The market for baby-brain DVDs -- titles like "Baby Einstein," "Brainy Baby" and others that make up what's been called the Baby Genius Edutainment Complex -- is huge: striving parents spend hundreds of millions every year on videos that are marketed as giving tots a leg up in the IQ wars that are sure to dominate tomorrow's robot-led wasteland. And hey, why shouldn't parents believe the promise that these DVDs are HGH for the mind? After all, even President Bush recommends them, going so far as to honor Baby Einstein founder Julie Aigner-Clark at a State of the Union address.
But new research shows that Baby Einstein might better be named Baby Paul Shore. Babies who watch the videos are less verbally proficient than those who do not; researchers found that for every hour that an infant between 8 to 16 months old spends watching a brain DVD, he understands, on average, 6 to 8 fewer words than a kid who didn't do Einstein.
Pediatrician Frederick Zimmerman and his colleagues at the University of Washington discovered the discrepancy through a telephone survey. They called up a thousand parents and asked them to ask their kids a list of common words -- things like "truck," "cookie" -- and to note which ones the infants understood. The baby DVDs seemed to have no effect on the vocabularies of older kids -- toddlers over 17 months. But younger tykes just couldn't place as many words as their non-DVD-addled fellows. The researchers controlled for all other likely factors -- such as the parents' education -- showing the finding was correlated closely with DVD-watching.
The researchers are careful to note that their study doesn't prove that the DVDs are the cause of reduced infant vocabularies; it could be that parents who are buying such DVDs are doing so because their own verbal skills aren't strong, and that this weakness is being reflected in the kids' confusion over words like "cookie."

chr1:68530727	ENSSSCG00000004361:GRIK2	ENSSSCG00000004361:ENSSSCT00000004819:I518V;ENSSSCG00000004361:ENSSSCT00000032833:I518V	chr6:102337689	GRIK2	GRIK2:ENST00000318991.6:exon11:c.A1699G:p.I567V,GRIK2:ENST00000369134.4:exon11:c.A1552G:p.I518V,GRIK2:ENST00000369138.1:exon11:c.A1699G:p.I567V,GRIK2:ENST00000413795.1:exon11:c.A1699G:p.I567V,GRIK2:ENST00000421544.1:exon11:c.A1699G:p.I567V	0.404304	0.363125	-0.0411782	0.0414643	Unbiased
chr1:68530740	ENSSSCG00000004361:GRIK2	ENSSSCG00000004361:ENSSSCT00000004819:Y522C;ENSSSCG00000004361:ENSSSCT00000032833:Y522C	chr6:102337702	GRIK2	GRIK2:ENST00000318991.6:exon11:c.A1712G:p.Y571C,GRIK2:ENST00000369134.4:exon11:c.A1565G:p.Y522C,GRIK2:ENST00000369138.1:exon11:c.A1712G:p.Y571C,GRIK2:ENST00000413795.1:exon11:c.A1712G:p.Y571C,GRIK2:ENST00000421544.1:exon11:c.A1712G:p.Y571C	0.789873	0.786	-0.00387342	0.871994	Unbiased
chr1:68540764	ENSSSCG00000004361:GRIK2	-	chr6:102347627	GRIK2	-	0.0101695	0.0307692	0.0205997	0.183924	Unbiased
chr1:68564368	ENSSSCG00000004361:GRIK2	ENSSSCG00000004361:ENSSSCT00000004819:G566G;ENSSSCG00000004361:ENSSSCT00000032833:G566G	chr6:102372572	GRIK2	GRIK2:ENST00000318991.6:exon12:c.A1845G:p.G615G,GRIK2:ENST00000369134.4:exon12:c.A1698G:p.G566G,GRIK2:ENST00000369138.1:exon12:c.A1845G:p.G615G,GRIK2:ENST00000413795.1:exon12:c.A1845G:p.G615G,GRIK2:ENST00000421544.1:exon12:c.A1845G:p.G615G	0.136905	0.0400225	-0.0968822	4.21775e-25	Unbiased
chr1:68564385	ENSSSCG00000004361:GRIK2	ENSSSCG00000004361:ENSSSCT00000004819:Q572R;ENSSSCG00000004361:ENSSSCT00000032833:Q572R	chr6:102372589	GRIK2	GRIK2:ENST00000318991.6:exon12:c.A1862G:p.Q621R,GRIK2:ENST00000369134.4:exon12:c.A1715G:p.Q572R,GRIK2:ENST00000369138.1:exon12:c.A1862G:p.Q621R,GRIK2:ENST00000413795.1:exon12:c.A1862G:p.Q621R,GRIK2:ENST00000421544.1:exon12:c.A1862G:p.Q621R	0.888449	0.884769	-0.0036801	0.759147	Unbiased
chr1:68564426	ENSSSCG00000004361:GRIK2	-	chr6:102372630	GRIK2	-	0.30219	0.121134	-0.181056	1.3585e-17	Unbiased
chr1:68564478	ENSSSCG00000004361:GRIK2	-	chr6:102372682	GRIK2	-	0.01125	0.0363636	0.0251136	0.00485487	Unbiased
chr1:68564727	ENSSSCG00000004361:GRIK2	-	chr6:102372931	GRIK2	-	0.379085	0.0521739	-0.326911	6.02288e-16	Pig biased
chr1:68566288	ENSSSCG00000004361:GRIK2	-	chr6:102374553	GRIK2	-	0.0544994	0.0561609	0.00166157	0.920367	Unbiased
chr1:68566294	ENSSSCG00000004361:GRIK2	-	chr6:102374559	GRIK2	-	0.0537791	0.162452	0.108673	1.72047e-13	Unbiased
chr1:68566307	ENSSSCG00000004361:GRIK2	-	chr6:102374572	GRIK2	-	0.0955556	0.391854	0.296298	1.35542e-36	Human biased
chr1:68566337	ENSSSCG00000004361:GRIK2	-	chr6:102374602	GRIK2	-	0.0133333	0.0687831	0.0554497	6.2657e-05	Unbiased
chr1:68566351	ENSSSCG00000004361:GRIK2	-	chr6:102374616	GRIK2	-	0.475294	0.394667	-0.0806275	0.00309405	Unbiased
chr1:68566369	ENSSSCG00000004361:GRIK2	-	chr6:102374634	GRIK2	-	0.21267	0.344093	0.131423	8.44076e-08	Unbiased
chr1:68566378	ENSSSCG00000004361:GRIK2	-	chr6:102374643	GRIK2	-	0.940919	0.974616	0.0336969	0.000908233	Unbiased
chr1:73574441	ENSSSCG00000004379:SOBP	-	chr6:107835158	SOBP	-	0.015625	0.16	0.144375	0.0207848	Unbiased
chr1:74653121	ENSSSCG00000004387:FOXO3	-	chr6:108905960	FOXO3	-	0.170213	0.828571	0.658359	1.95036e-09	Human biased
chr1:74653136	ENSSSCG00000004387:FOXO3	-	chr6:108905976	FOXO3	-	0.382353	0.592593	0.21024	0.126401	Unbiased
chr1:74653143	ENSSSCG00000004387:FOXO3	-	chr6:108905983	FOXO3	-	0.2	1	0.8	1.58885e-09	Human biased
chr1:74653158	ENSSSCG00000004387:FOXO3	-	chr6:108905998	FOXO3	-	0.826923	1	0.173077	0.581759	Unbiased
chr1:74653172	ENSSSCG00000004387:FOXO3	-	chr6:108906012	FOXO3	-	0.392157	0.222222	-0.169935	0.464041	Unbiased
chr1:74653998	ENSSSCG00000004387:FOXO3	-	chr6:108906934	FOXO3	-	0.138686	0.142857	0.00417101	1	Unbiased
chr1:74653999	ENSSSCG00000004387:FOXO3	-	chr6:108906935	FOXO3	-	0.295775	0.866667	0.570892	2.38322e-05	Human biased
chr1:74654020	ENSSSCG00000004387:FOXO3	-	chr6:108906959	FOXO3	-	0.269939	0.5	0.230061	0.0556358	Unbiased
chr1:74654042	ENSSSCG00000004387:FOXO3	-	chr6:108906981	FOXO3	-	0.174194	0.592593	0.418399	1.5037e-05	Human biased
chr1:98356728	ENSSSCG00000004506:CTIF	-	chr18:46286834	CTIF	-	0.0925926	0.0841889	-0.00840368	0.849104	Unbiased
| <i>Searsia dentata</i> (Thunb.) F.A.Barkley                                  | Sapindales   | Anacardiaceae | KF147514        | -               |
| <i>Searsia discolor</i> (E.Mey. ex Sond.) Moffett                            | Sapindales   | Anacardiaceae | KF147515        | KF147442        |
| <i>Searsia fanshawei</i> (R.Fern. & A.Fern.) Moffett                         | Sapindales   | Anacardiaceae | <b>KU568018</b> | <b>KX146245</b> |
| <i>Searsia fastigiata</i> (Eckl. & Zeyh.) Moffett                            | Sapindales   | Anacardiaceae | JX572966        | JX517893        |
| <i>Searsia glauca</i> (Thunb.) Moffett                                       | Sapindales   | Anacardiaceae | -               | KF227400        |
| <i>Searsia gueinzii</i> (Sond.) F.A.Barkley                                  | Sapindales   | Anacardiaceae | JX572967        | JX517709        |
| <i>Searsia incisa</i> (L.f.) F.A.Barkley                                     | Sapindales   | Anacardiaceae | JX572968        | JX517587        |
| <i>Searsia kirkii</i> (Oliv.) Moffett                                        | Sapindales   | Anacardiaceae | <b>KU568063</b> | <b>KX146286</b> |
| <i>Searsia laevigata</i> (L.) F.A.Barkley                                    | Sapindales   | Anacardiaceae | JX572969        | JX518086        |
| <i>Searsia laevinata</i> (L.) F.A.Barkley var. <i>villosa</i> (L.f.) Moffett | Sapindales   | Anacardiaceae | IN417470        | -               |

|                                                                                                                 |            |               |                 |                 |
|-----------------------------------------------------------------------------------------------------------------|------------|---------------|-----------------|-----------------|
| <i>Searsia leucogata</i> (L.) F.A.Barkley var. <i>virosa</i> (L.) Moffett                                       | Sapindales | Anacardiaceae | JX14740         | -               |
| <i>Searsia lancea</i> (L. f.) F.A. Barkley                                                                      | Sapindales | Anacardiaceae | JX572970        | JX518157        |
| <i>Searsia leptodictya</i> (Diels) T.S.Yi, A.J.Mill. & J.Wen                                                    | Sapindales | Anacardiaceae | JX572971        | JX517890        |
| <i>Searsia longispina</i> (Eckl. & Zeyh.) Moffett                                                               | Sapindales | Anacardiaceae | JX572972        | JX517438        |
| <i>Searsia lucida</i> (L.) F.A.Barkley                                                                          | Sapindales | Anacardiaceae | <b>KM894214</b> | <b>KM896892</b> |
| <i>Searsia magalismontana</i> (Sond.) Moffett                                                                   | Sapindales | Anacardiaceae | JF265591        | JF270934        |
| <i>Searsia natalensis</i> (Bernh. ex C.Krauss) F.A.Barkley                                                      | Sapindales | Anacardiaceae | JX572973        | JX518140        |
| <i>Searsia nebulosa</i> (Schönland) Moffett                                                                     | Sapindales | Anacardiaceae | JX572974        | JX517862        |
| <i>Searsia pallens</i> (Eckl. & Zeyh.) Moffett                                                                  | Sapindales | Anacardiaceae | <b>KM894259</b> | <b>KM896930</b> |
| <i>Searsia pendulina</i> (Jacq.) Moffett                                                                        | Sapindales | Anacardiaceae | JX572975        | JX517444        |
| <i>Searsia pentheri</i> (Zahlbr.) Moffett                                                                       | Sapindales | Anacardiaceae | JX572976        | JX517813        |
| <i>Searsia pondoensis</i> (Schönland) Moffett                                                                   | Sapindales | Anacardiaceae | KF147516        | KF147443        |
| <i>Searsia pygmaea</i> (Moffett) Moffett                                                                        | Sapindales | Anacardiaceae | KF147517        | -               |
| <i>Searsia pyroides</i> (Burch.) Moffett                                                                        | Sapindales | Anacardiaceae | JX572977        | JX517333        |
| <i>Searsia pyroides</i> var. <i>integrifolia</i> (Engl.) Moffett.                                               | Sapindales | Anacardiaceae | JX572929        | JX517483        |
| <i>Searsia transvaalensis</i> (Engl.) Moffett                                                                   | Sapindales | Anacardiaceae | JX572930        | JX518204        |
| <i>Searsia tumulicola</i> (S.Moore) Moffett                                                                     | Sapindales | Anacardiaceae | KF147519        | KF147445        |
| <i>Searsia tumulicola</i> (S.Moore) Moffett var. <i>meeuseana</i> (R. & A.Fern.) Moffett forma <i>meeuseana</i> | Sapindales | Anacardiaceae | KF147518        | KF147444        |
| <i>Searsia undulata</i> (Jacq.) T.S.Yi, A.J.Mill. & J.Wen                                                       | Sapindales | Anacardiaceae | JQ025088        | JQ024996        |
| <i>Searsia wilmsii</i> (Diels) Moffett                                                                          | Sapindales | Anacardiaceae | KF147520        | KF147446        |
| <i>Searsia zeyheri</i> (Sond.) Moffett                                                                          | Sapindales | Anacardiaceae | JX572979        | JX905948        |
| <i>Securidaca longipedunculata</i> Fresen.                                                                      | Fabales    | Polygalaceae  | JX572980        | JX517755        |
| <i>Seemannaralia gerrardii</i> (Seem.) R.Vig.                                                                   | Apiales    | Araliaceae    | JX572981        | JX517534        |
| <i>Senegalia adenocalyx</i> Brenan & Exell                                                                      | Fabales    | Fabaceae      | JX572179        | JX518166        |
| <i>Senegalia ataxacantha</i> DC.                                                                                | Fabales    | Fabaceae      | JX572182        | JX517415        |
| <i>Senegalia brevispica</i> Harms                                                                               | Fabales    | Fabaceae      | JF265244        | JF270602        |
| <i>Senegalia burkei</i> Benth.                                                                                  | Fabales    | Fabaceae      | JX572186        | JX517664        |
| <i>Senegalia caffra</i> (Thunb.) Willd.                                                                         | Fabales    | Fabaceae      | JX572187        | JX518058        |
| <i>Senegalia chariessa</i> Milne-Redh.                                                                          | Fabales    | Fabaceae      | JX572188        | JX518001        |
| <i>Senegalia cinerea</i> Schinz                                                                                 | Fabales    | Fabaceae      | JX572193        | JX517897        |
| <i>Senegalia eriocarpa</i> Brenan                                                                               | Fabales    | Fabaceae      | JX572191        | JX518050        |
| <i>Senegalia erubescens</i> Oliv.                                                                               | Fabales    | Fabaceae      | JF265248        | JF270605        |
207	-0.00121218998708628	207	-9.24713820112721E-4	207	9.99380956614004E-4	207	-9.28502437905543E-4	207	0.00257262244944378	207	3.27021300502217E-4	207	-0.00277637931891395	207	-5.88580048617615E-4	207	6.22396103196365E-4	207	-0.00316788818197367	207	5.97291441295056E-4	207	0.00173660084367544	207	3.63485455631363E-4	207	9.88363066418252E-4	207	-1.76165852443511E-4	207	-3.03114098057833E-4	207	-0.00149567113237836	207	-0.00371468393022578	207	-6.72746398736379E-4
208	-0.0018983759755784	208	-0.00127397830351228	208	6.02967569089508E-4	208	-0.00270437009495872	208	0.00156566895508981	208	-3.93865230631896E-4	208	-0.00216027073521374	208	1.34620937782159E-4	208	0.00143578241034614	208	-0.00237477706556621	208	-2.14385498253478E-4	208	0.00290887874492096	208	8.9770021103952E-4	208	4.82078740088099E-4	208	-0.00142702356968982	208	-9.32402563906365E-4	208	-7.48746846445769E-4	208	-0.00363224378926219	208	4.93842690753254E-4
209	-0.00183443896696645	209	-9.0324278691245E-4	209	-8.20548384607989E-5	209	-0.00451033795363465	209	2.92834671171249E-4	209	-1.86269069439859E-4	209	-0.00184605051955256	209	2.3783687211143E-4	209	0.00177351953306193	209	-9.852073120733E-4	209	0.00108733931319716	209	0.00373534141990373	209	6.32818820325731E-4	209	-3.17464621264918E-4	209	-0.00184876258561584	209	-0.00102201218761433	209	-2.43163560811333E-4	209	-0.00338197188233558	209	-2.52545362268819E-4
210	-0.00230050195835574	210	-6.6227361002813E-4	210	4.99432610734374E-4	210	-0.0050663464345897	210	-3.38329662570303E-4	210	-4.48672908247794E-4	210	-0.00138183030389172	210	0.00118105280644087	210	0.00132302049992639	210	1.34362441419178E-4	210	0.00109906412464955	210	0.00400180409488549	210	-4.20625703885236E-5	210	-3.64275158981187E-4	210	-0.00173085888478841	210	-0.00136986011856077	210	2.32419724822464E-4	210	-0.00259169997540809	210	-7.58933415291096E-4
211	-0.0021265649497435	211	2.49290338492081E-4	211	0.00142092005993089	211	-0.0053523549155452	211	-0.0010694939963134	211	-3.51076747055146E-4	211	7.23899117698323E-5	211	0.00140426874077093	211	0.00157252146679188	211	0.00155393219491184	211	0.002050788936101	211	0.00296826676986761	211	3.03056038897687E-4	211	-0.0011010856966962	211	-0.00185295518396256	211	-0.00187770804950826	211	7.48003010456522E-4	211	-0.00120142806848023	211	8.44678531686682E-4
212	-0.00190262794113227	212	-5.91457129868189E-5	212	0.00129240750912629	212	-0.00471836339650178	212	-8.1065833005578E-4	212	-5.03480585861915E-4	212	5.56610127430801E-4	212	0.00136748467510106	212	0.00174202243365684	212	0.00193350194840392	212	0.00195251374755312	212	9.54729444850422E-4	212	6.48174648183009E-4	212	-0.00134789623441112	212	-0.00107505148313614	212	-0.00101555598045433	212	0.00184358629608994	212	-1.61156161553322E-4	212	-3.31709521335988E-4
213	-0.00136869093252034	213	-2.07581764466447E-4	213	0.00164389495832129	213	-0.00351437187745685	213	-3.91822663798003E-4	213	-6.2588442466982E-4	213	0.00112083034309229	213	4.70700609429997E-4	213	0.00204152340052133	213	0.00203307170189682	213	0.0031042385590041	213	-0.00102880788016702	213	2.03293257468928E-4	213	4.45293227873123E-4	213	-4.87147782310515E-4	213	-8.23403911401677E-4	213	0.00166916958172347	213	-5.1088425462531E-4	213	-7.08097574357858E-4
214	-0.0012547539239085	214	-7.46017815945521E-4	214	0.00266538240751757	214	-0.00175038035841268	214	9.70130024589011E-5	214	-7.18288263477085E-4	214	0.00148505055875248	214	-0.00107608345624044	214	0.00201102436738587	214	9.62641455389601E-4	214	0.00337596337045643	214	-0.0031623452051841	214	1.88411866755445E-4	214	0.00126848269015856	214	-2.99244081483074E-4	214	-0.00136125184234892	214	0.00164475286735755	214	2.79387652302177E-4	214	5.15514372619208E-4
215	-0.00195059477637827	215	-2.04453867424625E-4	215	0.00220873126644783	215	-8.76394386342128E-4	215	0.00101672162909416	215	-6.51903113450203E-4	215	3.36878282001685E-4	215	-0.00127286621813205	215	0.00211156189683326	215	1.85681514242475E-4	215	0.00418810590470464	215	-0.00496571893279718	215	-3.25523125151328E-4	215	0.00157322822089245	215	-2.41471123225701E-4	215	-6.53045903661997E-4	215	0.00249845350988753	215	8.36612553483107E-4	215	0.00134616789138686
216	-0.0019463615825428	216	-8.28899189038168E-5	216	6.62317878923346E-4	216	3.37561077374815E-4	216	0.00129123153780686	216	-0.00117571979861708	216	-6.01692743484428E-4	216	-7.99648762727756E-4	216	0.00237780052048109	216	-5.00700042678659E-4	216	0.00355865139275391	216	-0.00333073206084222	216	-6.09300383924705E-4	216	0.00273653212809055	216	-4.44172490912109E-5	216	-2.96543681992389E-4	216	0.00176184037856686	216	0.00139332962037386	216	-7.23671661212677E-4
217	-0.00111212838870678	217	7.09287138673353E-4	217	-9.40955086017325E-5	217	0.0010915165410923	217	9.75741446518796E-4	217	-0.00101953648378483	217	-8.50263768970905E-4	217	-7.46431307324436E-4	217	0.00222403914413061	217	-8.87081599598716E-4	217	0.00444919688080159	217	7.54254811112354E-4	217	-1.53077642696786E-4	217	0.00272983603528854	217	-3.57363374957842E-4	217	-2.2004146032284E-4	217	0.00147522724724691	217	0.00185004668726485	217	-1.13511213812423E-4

But Zimmerman tells Newsweek that it's possible that DVDs are causing the verbal slippage. "It might be that the baby videos are just displacing time that the child would otherwise spend with a parent or another adult caregiver, or even with an older sibling -- all of whom can help the child develop language by interacting with them," he says. "That interaction could be reading books, or telling stories or just getting down on the floor and playing."
Zimmerman also cautions that much of the hype surrounding these DVDs is just that -- marketing puffery. "You can produce a video in your basement and tell people that anyone who watches it will definitely turn into Mozart -- and no one will stop you from saying that," he tells Newsweek. "And those claims are effective. At the population level, about a third of parents have bought into those claims. So parents should just realize that people are making a lot of money off this."
[Flickr picture by Mrs. Reed.]